"Theatre Festival!” said the taxi driver. “Spending money on theatre when people
don’t have food to eat! What for?”
That’s what I hoped to find out from May 20-30 in
Barrancabermeja, Colombia where I would offer a series of writing workshops and
seek to answer questions of my own: How could theatre contribute to peace in a
country where the armed conflict has gone on for six decades? How did the
violence come to an end in this particular city — center of the country’s oil
industry, once the site of battles pitting guerrilla forces against the
Colombian army, and paramilitary death squads against civilians?
What did it mean to hold an International Theatre Festival for Peace when
till 2010, during the eight years of the Uribe administration, anyone who talked
about peace or a political solution to the country’s woes risked being called a
terrorist — a label that could target you for assassination?
When I visited Colombia in 2008, the human rights community in Bogotá seemed
demoralized and diminished. The only people I saw protesting openly in the
capital were those whose patriotism could not be questioned: family members of
soldiers and police held captive by the FARC guerrillas. What I did not realize
at the time was that in the most profound sense, peace is more than the
cessation of war. Though dissent was silenced in many ways, people were coming
together in nonviolent social movements to create and sustain a culture of
peace, one that would start at society’s roots, in the community and in the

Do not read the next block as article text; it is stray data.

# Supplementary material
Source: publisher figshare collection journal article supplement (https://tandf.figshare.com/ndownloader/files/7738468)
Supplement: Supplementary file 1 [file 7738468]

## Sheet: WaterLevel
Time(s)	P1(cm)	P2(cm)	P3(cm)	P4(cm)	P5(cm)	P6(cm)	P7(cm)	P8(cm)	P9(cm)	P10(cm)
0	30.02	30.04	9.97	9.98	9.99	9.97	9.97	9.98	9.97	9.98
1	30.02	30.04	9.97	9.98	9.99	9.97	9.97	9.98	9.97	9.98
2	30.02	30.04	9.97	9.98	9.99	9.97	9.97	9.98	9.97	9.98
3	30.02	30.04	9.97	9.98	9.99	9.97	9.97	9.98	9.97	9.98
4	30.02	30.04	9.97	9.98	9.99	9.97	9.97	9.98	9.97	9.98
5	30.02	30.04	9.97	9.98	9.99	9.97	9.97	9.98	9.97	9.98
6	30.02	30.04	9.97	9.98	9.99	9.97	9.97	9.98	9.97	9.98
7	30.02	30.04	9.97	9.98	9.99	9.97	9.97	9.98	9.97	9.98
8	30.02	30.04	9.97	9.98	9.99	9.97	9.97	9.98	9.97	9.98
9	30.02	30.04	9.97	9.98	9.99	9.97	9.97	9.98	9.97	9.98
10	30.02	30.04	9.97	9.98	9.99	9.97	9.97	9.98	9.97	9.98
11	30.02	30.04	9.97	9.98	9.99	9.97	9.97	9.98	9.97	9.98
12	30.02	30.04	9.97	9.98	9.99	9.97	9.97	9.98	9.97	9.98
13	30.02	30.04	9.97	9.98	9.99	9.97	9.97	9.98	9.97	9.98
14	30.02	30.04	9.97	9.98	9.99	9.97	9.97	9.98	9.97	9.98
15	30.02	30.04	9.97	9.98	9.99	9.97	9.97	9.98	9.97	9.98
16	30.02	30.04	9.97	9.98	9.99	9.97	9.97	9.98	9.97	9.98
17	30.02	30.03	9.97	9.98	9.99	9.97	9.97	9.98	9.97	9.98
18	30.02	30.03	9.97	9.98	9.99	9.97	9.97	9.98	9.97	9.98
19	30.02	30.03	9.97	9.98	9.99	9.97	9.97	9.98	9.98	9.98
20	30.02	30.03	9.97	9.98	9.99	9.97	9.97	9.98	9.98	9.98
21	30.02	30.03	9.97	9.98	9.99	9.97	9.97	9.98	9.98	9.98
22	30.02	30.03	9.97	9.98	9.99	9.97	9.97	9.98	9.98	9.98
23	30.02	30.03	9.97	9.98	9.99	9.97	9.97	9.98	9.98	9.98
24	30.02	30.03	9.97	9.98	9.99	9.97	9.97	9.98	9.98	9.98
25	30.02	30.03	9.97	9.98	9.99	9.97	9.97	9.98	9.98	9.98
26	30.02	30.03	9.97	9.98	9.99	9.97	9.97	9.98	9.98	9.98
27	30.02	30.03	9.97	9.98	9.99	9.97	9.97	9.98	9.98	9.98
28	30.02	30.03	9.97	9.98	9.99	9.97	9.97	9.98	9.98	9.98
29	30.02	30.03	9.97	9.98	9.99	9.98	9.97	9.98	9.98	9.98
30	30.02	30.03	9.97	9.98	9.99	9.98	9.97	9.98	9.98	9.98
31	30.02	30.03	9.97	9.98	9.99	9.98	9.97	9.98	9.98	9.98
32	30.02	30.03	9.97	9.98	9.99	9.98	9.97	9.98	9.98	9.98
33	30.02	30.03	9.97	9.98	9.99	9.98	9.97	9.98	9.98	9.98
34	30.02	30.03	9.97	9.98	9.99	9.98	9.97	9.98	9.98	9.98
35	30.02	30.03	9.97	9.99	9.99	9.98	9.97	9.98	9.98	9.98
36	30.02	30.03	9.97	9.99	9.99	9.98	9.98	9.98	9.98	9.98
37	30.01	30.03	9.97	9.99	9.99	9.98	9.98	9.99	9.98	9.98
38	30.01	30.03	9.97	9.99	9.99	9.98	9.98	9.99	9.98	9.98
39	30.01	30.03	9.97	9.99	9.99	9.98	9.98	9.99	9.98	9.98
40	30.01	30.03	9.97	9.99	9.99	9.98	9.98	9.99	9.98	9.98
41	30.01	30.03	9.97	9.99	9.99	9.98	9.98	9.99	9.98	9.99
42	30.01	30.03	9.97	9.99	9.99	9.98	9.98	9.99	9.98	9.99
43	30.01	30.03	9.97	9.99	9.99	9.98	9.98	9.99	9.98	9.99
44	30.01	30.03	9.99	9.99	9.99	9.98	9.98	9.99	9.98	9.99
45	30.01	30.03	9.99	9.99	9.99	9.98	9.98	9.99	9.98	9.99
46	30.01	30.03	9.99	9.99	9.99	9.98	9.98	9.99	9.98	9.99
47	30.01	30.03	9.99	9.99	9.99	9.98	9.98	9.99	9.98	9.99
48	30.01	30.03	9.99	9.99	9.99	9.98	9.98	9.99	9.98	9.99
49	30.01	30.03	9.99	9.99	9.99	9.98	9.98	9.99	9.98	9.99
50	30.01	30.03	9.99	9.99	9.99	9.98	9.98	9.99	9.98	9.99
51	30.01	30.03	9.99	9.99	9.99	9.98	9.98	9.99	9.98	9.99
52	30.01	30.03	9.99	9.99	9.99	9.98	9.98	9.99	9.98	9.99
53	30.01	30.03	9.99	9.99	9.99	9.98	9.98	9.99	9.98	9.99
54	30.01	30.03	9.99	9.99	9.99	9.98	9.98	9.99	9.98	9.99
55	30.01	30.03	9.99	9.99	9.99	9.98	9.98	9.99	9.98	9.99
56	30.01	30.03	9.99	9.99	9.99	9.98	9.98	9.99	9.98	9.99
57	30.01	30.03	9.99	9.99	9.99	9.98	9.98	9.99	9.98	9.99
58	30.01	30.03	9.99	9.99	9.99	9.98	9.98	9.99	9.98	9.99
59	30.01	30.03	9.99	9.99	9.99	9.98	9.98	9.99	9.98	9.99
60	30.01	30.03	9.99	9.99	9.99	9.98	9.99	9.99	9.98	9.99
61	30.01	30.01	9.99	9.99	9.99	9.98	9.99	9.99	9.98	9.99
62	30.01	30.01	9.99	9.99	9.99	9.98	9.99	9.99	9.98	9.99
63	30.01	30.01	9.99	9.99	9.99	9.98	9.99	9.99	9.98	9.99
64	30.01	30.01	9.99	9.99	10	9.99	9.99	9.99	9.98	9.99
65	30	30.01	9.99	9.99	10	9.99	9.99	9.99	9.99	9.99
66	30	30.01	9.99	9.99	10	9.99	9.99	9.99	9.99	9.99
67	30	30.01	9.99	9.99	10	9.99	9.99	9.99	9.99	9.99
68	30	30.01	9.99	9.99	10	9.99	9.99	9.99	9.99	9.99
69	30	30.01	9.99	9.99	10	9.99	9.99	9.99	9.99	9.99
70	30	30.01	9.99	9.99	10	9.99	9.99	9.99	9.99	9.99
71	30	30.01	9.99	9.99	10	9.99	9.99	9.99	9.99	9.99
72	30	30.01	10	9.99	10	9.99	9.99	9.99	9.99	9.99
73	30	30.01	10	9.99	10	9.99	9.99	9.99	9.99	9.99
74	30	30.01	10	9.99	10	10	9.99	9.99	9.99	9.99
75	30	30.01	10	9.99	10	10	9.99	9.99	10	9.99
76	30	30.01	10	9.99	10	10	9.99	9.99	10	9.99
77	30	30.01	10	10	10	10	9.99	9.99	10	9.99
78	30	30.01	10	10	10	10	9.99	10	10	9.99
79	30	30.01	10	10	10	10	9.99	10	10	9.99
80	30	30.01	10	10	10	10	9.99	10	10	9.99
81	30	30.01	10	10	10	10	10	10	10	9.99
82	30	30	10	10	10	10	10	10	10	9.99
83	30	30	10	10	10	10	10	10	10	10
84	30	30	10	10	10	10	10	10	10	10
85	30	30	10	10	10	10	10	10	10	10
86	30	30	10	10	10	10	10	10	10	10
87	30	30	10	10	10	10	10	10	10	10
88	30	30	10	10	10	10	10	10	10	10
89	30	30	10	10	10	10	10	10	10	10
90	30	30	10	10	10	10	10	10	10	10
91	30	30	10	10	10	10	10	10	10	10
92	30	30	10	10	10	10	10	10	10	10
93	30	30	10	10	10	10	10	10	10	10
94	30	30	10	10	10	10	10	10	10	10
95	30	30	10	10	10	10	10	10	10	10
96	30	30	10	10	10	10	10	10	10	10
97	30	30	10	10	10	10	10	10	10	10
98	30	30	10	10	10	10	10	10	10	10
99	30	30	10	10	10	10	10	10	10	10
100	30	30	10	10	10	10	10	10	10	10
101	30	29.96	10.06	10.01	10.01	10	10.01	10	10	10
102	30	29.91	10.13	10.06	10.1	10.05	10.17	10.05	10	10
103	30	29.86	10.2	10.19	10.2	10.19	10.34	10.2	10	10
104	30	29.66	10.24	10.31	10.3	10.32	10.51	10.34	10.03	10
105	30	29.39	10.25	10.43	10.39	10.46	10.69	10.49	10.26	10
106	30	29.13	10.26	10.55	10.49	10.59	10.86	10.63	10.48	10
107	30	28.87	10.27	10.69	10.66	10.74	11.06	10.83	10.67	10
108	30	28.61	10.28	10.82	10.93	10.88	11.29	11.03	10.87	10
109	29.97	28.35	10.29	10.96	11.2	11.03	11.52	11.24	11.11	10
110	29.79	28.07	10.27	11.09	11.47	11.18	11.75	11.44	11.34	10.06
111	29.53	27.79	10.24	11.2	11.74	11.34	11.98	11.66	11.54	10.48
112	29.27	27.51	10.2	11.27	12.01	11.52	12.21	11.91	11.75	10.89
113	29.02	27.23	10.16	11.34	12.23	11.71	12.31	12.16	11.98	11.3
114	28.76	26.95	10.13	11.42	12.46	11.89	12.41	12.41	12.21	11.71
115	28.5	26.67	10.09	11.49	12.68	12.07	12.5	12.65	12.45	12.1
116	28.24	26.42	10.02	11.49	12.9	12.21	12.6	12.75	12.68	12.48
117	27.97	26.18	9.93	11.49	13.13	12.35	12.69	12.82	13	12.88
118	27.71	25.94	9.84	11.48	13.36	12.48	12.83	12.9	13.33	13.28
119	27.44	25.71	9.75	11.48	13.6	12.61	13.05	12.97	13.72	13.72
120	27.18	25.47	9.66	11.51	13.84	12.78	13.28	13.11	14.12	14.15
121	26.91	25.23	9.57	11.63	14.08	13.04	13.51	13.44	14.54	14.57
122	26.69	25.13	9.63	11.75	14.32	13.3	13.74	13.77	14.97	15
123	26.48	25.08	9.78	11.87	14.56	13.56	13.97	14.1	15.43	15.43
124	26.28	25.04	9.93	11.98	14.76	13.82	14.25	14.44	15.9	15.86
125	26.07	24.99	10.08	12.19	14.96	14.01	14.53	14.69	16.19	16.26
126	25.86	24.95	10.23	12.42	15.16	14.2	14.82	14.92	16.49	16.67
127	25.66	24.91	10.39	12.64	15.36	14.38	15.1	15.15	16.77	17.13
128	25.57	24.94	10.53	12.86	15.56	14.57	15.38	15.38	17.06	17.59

In Barrancabermeja I would see how theatre and the arts are reweaving the
torn social fabric in communities traumatized by terror, violence, and social
* * *
Barrancabermeja is a city of contradictions, typified perhaps by two
monuments. One, the wire-sculpture of Cristo Petrolero that presides over the
contaminated pool in front of Colombia’s major oil refinery. (Not even Christ
can clean these waters, say the locals.) The other is the monument to Father
Camilo Torres, the guerrilla priest, who fell in battle during his first combat
experience alongside the fighters of the Ejército de Liberación Nacional, the
ELN. Today, while violence rages unabated in the rural districts nearby,
national police and soldiers are everywhere in Barrancabermeja, providing
security rather than peace, but in an unlikely show of coexistence, the monument
stands. Children slide on its sloping metal base, and the priest’s words are
memorialized: “The constant revolutionary struggle of the people will lead to
Another paradox: the Festival — the first major cultural event this city of
more than 200,000 had ever seen — was born in one of its most deprived and
stigmatized neighborhoods, Comuna 7, populated first by squatters, families
fleeing violence in the countryside only to find themselves again under attack.
The most painful and notorious incident took place during a Mother’s Day
celebration in 1998. Rightwing paramilitary death squads swept in killing some
young men on the spot and disappearing others while the Colombian military stood
by and failed to intervene. The community still waits for justice. Twenty
families still wait to recover the bodies of their children. But the community
organized itself to resist violence and oppression. People once perceived as
victims harnessed their own disciplined, principled, creative imagination to
present alternatives to the status quo. They created institutions to strengthen
community and civil society and to educate children for social responsibility by
claiming, using, and expanding cultural space.
In 2007, Yolanda Consejo Vargas, a dancer and theatre artist born in Mexico,
and her husband, Italian-born director Guido Ripamonti, brought their itinerant
theatre company to Colombia. Inspired by what they saw in Comuna 7, they decided
to stay. Yolanda and Guido began offering classes in theatre and literature and